Read Acts 6:8-15

[8] Now Stephen, a man full of God’s grace and power, performed great wonders and signs among the people. [9] Opposition arose, however, from members of the Synagogue of the Freedmen (as it was called)-Jews of Cyrene and Alexandria as well as the provinces of Cilicia and Asia-who began to argue with Stephen. [10] But they could not stand up against the wisdom the Spirit gave him as he spoke. [11] Then they secretly persuaded some men to say, “We have heard Stephen speak blasphemous words against Moses and against God.” [12] So they stirred up the people and the elders and the teachers of the law. They seized Stephen and brought him before the Sanhedrin. [13] They produced false witnesses, who testified, “This fellow never stops speaking against this holy place and against the law. [14] For we have heard him say that this Jesus of Nazareth will destroy this place and change the customs Moses handed down to us.” [15] All who were sitting in the Sanhedrin looked intently at Stephen, and they saw that his face was like the face of an angel.

Scripture taken from the Holy Bible, NEW INTERNATIONAL VERSION. Copyright © 1973, 1978, 1984 International Bible Society. All rights reserved throughout the world. Used by permission of International Bible Society.



“Blessed are those who are persecuted because of righteousness, for theirs is the kingdom of heaven” (Matt 5:10). How blessed are you?

Think Further

When chosen for an essentially practical job (Acts 6:3), Stephen was identified as a man full of the Spirit and wisdom; now he is described as full of grace and power (8). Why should this man arouse such opposition? Why does this group with the welfare of the whole community at its heart give rise to such strong antagonism? Sometimes, of course, the church has asked for it, but often there is no obvious cause.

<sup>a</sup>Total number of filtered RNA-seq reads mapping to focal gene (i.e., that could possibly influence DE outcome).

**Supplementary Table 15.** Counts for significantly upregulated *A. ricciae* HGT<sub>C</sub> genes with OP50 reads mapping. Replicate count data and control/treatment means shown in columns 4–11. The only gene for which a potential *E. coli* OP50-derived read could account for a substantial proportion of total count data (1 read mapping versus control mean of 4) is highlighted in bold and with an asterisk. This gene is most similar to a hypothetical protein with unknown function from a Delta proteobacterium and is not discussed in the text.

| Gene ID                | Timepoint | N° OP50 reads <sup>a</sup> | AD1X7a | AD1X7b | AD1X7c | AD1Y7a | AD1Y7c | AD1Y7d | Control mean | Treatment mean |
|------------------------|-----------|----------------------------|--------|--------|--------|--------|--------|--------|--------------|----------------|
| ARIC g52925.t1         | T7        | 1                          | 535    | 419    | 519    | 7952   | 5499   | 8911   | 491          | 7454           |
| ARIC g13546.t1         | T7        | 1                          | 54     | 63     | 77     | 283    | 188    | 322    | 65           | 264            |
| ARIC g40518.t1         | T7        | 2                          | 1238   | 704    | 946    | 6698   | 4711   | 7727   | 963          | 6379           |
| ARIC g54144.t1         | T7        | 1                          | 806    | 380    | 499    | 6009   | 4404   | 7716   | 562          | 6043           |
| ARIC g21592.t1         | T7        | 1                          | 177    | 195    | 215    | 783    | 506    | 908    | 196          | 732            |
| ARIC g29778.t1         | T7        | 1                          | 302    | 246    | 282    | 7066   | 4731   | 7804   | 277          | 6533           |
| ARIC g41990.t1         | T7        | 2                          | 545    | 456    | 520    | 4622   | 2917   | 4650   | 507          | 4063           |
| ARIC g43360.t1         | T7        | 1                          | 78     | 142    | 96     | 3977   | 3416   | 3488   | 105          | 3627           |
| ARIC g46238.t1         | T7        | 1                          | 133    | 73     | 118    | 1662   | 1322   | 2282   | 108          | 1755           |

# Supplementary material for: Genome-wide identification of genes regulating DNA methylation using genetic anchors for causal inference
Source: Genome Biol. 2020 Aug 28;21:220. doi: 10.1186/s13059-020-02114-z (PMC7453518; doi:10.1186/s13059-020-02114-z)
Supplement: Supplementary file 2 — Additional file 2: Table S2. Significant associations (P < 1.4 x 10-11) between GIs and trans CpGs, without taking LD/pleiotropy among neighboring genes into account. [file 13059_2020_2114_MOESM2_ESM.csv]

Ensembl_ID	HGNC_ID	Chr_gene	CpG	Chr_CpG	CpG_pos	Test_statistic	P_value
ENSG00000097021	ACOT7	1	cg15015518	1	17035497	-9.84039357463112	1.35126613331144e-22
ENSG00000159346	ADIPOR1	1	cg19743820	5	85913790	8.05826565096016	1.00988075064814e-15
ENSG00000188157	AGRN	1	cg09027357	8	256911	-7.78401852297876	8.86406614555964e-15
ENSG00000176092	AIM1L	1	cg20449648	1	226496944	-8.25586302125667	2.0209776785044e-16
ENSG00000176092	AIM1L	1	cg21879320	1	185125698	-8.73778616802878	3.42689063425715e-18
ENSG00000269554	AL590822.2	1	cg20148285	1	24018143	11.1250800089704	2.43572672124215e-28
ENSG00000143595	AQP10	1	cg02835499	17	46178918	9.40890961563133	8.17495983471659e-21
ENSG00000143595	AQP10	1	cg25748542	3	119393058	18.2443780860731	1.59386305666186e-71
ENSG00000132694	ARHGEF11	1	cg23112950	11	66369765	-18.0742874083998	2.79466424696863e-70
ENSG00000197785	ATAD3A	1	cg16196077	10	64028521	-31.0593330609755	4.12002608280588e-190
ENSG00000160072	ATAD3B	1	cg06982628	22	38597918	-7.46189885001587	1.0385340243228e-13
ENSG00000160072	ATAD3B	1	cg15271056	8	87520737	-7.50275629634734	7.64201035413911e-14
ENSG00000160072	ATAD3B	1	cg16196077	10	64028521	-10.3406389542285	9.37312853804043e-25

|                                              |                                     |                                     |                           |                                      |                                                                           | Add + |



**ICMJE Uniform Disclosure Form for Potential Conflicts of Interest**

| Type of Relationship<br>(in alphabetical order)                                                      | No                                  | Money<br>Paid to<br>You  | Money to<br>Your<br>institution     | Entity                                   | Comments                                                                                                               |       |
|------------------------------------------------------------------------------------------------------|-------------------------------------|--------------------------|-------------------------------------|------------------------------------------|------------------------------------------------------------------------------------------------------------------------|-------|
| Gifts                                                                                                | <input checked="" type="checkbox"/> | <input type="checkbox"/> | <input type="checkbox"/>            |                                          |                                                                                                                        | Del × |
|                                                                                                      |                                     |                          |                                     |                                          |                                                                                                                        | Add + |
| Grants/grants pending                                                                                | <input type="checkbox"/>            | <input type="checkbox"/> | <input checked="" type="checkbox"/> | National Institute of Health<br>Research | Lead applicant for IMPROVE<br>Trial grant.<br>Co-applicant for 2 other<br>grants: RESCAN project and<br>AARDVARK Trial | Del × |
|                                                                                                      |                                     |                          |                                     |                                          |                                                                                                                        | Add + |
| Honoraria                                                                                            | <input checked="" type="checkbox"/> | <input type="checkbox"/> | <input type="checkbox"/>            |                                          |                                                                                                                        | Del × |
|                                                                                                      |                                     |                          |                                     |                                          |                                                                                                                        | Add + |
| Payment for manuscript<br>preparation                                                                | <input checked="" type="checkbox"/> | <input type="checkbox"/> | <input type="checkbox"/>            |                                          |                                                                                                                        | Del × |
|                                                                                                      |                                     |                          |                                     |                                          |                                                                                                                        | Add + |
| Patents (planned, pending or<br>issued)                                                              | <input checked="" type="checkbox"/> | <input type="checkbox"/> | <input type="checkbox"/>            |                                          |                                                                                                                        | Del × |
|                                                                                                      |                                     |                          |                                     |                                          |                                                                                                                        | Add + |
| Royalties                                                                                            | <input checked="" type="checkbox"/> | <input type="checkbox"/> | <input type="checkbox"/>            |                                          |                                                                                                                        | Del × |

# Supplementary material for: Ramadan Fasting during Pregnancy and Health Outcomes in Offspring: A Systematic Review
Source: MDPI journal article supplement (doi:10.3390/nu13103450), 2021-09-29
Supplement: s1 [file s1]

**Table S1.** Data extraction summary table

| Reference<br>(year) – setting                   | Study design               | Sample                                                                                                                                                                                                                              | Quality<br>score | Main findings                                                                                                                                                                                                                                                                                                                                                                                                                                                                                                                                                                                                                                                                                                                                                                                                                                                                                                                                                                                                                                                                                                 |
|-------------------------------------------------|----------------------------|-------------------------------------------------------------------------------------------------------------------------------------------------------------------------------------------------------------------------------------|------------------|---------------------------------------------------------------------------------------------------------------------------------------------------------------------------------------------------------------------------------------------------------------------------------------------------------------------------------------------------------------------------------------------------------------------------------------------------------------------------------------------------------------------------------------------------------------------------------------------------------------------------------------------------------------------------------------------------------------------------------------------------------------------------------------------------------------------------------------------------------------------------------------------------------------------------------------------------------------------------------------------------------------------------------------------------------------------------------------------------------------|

We know little of the synagogue of the Freedmen (9), but it seems that there were theological and ideological issues involved. The church still faces such issues. There are, for example, ideological conflicts with Marxism and secularism; there are theological differences with other faiths. Significant though such differences are, they can hardly account for such levels of animosity. There are also vested interests involved; whenever, as here, Christians threaten the status quo and disturb the comfortable life that others aspire to, it invites hostility.

Above all, there are spiritual issues; in their spiritual blindness the Jewish authorities misunderstand (13). Jesus had warned his followers that they would face opposition just as he did (John 15:18-25; Mark 13:13). There are echoes of Jesus’ trial here, with false witnesses (13) and the charge about the destruction of the temple (14). We, too, are caught up in the same spiritual battle, but we are not alone. Stephen speaks, as Jesus had promised (Luke 12:11,12), through the power of the Spirit. In our mission, whenever we present the truth of Jesus, we are in a hostile environment; but we, too, can know the enabling power of the Spirit. We can speak with wisdom that comes from the One who is our wisdom (1 Cor. 1:24,30).


Where do you experience opposition and hostility? Might a more definite presentation of the Gospel mean more opposition—or less?